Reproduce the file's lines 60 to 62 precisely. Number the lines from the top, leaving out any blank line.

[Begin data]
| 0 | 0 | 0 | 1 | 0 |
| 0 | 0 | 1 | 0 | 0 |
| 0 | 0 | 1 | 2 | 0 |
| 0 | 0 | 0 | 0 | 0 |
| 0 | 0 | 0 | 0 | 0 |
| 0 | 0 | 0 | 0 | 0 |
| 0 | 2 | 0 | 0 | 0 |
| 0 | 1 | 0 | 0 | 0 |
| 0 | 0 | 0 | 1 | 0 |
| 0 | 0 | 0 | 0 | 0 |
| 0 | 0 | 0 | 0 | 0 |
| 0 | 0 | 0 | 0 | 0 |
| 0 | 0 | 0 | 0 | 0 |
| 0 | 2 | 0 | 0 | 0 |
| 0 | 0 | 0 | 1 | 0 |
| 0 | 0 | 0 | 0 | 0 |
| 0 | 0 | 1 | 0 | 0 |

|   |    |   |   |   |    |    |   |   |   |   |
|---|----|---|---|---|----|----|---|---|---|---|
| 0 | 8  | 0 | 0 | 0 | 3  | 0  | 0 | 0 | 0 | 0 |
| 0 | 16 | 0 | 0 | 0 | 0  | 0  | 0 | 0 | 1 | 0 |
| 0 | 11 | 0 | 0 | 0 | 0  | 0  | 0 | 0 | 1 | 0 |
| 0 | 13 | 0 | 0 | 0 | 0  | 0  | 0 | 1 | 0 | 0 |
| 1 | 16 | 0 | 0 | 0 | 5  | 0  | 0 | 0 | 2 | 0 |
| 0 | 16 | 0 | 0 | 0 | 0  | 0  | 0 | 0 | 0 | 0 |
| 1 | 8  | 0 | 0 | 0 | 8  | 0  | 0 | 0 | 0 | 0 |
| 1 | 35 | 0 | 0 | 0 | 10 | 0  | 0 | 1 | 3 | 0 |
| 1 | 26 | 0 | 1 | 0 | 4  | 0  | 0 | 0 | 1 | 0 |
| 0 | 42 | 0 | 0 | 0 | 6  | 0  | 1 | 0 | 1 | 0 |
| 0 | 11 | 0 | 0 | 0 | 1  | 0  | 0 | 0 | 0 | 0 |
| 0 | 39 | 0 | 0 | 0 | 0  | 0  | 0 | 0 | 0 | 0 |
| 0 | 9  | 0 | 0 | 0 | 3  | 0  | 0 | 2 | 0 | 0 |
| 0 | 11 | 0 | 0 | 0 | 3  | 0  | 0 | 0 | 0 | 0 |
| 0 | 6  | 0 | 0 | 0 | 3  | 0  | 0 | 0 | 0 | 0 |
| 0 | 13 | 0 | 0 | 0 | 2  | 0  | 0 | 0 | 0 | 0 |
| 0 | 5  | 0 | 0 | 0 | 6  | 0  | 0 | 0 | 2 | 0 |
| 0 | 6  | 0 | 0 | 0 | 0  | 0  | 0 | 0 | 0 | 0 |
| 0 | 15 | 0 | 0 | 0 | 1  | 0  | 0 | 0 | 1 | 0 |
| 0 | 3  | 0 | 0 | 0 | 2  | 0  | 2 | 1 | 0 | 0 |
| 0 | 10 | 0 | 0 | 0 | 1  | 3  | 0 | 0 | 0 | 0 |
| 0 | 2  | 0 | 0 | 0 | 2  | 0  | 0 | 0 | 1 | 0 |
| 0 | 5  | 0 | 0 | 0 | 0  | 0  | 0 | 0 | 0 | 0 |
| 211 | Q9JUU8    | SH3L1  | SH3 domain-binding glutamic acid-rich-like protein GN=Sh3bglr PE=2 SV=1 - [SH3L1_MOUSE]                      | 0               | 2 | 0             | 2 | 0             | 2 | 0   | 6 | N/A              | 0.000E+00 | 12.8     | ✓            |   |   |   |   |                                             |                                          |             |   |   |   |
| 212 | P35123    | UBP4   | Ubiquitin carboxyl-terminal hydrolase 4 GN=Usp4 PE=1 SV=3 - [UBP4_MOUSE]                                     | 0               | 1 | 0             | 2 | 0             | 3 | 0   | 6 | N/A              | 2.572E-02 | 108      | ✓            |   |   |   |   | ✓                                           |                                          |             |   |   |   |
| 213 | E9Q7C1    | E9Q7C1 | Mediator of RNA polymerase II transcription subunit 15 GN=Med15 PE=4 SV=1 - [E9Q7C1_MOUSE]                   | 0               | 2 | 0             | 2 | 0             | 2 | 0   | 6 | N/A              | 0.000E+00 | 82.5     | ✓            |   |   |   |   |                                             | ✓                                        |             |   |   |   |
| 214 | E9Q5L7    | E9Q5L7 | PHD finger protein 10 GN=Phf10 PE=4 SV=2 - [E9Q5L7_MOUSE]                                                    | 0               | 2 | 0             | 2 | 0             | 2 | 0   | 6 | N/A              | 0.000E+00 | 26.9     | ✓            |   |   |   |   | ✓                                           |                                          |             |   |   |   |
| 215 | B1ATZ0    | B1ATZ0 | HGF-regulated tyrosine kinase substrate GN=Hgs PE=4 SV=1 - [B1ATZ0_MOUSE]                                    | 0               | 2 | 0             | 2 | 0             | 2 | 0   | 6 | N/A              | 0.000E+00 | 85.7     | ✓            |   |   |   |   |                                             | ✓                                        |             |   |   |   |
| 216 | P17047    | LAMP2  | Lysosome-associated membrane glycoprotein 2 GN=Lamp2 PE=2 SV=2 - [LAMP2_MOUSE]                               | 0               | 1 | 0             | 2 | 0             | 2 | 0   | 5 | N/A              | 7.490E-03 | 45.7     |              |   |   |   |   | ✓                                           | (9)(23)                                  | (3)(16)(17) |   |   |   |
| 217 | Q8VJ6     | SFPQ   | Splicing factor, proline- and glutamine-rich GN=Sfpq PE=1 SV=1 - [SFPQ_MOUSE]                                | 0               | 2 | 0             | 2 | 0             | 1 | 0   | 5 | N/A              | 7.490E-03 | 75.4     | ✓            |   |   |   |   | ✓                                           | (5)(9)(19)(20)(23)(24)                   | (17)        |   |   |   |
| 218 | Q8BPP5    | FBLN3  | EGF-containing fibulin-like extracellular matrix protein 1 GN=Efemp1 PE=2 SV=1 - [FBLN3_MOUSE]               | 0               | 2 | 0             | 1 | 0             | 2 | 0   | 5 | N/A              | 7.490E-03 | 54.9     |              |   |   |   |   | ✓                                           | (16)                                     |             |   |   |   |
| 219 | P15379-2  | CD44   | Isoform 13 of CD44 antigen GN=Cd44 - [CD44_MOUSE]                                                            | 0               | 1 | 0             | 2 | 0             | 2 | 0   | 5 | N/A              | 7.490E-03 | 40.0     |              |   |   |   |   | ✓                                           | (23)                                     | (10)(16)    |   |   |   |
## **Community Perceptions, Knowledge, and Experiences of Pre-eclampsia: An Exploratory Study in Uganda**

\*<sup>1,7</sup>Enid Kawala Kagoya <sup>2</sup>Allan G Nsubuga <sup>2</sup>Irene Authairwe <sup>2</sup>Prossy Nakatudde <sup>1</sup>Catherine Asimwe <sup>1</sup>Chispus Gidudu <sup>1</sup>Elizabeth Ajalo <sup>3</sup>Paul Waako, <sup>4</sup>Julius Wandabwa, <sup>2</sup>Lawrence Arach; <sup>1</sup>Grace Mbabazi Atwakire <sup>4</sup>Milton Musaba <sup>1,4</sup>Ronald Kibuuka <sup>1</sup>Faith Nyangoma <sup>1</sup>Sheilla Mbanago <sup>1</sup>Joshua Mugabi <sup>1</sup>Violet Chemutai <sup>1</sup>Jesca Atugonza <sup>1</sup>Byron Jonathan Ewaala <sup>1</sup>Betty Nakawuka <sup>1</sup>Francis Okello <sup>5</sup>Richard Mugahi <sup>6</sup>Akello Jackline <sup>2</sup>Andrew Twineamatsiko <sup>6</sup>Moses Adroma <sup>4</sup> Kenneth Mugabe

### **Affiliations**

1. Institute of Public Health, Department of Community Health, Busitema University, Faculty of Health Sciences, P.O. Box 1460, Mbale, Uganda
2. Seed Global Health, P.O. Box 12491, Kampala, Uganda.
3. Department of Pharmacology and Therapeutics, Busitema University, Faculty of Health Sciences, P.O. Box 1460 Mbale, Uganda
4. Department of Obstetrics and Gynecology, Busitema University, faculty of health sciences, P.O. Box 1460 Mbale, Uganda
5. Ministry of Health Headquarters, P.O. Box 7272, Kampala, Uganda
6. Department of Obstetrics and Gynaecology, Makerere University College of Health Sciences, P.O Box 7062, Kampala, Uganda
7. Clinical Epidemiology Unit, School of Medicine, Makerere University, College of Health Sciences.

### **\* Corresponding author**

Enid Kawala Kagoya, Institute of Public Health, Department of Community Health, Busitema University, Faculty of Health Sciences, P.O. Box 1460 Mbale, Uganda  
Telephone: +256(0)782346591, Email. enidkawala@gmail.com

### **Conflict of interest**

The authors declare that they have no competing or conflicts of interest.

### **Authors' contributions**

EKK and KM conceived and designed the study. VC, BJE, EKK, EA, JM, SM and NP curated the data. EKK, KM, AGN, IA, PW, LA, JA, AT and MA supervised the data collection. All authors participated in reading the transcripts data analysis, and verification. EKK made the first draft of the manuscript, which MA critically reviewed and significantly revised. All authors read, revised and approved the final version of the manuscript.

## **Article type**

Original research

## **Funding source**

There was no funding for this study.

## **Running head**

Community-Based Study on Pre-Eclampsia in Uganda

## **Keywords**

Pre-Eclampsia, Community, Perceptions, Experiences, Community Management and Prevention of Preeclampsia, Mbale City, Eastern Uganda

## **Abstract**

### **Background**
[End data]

6. Department of Obstetrics and Gynaecology, Makerere University College of Health Sciences, P.O Box 7062, Kampala, Uganda
7. Clinical Epidemiology Unit, School of Medicine, Makerere University, College of Health Sciences.

### **\* Corresponding author**